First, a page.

Remo Williams: The Adventure Begins also delivers a fantastic instrumental score that builds energy and feels perfect for a spectacle filled action movie with a lining of patriotism. The only problem is the score feels like it’s only thirty seconds long and with it being repeated so many times it starts to become annoying. It’s been reported the film had budget issues and that the money ran out towards the end of production. So maybe it was unfinished, and they just rolled with what they had.
Remo Williams would hit theaters in early October of 1986 opening in the #4 spot with a $3.3M weekend and would only muster $14.3M during its theatrical run. Which wasn’t good. It was hard to find the budget for this movie. I found an old article stating it was around $40M and still not enough. So, if you take that as fact, and even with VHS sales and rentals, it’s easy to consider that Remo Williams: The Adventure Begins was a hefty financial loss for Orion Pictures.
And looking back you can see why. The movie outside of the action has its flaws and 1985 in the action genre was loaded. People were still buzzing from Rambo 2 earlier in the summer. Arnold’s Commando came out just a week before this one, and Chuck Norris’ Invasion U.S.A. was also released only a few weeks prior to this movie. So, there were tons of options for audiences in this genre at the time and Remo Williams was an unfortunate casualty of that.
But the action in this movie, as I said, still holds up and is where the direction of Guy Hamilton is able to shine. First the backdrop of New York is pristinely captured. Watching Chiun teach Willaims to lose his fear of heights by walking along the rooftops is shot with a cool 70s vibe. The stunt work and practical techniques used during the sequence at Coney Island on the Wonder Wheel is thrilling and unnerving. The finale, with Remo Williams swinging across the forest on a log, is also pretty cool.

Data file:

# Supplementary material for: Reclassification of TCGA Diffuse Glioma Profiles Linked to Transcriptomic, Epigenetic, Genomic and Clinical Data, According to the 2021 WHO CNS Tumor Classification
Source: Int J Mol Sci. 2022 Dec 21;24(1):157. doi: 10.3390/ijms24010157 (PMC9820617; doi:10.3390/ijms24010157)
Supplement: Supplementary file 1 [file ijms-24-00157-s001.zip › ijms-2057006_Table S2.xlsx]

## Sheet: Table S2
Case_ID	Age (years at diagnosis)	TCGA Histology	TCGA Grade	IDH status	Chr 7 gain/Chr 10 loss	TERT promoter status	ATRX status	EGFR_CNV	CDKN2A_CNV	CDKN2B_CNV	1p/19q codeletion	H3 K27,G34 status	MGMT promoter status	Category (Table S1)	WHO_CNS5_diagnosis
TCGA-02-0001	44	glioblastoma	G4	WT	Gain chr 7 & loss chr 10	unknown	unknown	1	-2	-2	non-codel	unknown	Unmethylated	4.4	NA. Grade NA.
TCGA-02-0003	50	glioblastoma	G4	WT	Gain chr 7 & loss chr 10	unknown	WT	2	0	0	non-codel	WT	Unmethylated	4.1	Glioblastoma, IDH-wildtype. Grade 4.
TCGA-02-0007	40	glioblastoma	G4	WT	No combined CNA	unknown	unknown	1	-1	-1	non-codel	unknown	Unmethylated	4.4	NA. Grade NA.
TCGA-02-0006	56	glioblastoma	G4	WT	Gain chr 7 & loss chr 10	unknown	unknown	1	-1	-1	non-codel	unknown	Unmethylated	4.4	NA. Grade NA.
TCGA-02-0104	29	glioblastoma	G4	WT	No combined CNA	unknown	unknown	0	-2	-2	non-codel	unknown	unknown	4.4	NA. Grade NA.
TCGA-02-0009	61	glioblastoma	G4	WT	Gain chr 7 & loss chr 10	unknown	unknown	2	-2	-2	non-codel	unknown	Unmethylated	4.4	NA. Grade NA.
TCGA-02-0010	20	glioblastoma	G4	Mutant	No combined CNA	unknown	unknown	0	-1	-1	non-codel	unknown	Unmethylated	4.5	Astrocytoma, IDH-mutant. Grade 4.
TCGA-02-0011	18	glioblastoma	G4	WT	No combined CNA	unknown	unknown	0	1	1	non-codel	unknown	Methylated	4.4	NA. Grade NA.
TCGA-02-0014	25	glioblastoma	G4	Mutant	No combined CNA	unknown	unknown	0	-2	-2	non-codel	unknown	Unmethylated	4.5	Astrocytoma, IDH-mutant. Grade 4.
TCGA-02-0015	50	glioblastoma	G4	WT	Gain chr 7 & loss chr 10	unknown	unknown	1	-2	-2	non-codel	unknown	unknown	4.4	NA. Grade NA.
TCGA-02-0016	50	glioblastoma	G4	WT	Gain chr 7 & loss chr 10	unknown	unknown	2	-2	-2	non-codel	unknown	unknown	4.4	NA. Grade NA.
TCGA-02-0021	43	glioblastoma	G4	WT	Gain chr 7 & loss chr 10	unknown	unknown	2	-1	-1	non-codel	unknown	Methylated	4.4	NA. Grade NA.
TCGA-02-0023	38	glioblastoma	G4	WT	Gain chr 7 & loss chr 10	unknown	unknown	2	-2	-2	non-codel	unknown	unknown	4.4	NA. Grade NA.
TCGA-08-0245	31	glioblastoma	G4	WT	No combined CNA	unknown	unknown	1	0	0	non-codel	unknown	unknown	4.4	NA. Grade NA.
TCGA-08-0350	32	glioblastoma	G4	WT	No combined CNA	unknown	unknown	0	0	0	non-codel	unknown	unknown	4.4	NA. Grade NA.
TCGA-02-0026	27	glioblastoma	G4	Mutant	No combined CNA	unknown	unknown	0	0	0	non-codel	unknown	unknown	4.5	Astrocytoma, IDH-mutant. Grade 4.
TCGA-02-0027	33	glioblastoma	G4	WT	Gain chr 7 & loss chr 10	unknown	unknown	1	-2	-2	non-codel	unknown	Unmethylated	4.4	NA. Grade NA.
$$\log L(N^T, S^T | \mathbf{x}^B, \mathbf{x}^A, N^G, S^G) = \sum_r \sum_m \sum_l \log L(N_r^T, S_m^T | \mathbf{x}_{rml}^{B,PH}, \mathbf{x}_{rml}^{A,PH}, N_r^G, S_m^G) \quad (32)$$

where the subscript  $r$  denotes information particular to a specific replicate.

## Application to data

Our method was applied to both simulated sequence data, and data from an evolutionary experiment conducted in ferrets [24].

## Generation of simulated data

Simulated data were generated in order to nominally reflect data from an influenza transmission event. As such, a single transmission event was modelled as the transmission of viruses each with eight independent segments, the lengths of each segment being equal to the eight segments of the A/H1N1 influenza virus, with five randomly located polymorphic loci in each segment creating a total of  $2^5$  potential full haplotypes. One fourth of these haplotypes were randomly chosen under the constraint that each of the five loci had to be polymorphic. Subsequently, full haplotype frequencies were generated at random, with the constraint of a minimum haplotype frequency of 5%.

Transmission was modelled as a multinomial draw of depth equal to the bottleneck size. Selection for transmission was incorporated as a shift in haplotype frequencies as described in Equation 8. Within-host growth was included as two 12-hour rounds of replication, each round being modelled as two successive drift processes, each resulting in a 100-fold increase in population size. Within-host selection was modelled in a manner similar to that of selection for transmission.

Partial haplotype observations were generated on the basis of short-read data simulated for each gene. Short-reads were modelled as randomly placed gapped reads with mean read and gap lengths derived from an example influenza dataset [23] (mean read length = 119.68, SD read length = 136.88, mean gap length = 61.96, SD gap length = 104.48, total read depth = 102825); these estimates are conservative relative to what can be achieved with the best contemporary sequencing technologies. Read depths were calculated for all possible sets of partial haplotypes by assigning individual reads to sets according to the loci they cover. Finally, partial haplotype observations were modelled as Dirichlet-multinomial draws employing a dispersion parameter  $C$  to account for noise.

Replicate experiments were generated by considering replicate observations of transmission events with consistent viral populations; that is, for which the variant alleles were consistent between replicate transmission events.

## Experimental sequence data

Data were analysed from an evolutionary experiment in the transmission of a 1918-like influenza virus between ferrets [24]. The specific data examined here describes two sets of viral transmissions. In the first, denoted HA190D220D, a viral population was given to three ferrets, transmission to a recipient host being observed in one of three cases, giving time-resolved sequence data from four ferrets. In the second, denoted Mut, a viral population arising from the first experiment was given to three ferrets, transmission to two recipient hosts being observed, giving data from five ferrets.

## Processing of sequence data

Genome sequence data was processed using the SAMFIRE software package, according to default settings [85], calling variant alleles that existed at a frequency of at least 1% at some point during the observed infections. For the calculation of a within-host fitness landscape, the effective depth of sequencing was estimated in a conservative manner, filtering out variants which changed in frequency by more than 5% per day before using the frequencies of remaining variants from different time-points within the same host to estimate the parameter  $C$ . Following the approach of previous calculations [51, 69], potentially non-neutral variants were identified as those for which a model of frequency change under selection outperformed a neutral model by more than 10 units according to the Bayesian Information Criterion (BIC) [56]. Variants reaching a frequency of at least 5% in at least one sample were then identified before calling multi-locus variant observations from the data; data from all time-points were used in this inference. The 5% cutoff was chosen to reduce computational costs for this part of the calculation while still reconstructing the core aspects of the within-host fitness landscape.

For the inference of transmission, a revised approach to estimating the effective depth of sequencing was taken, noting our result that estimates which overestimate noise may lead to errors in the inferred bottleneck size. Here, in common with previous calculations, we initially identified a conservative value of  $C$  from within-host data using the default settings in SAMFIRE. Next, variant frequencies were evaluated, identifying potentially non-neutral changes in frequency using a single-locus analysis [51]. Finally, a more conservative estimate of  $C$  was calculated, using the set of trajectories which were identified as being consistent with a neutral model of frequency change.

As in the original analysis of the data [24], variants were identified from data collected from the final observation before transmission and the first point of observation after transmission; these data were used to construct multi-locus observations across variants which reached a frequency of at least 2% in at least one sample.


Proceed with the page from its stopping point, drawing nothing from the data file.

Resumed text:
Yet it all pales in comparison to the visual appeal and tension of the Statue of Liberty sequence. It was a once in a lifetime shoot. The statue was actually undergoing renovations and wrapped in scaffolding. They were only allowed to shoot on the caging around the statue and ordered to never actually touch the statue. So, a life size bust was built down in Mexico and the shots were intercut in the editing room resulting in a breathtaking, completely unique, and really an iconic action scene during the 80s.
It’s too bad the smaller bits of action, the intrigue of the plot, and Ward in the lead, failed to live up to expectations. It’s been stated Ed Harris was up for the role. Which may have worked a bit better as Harris could’ve potentially carried the film more effectively. But still. It was 1985. Arnold and Stallone were kings, and even Chuck Norris and Charles Bronson were fading from popularity. Plus, it was still a few years before the ‘everyday’ heroes like John McClane and Martin Riggs would change the landscape of things and in the end, Remo Williams was a bit too flawed and not packing the larger-than-life hero it needed to build a franchise.
CAST: Fred Ward, Joel Grey, Wilford Brimley, J.A. Preston, George Coe, Charles Cioffi, Kate Mulgrew, Patrick Kilpatrick DIRECTOR: Guy Hamilton WRITER(S): Richard Sapir, Warren Murphy (Novel) Christopher Wood DISTRIBUTOR: Orion Pictures RUNNING TIME: 121 minutes RATING: PG-13 (For language, violence and intense sequences) YEAR: 1985 LANGUAGE: English GENRE: Action/Adventure
Anthony J. Digioia II © 2023 SilverScreen Analysis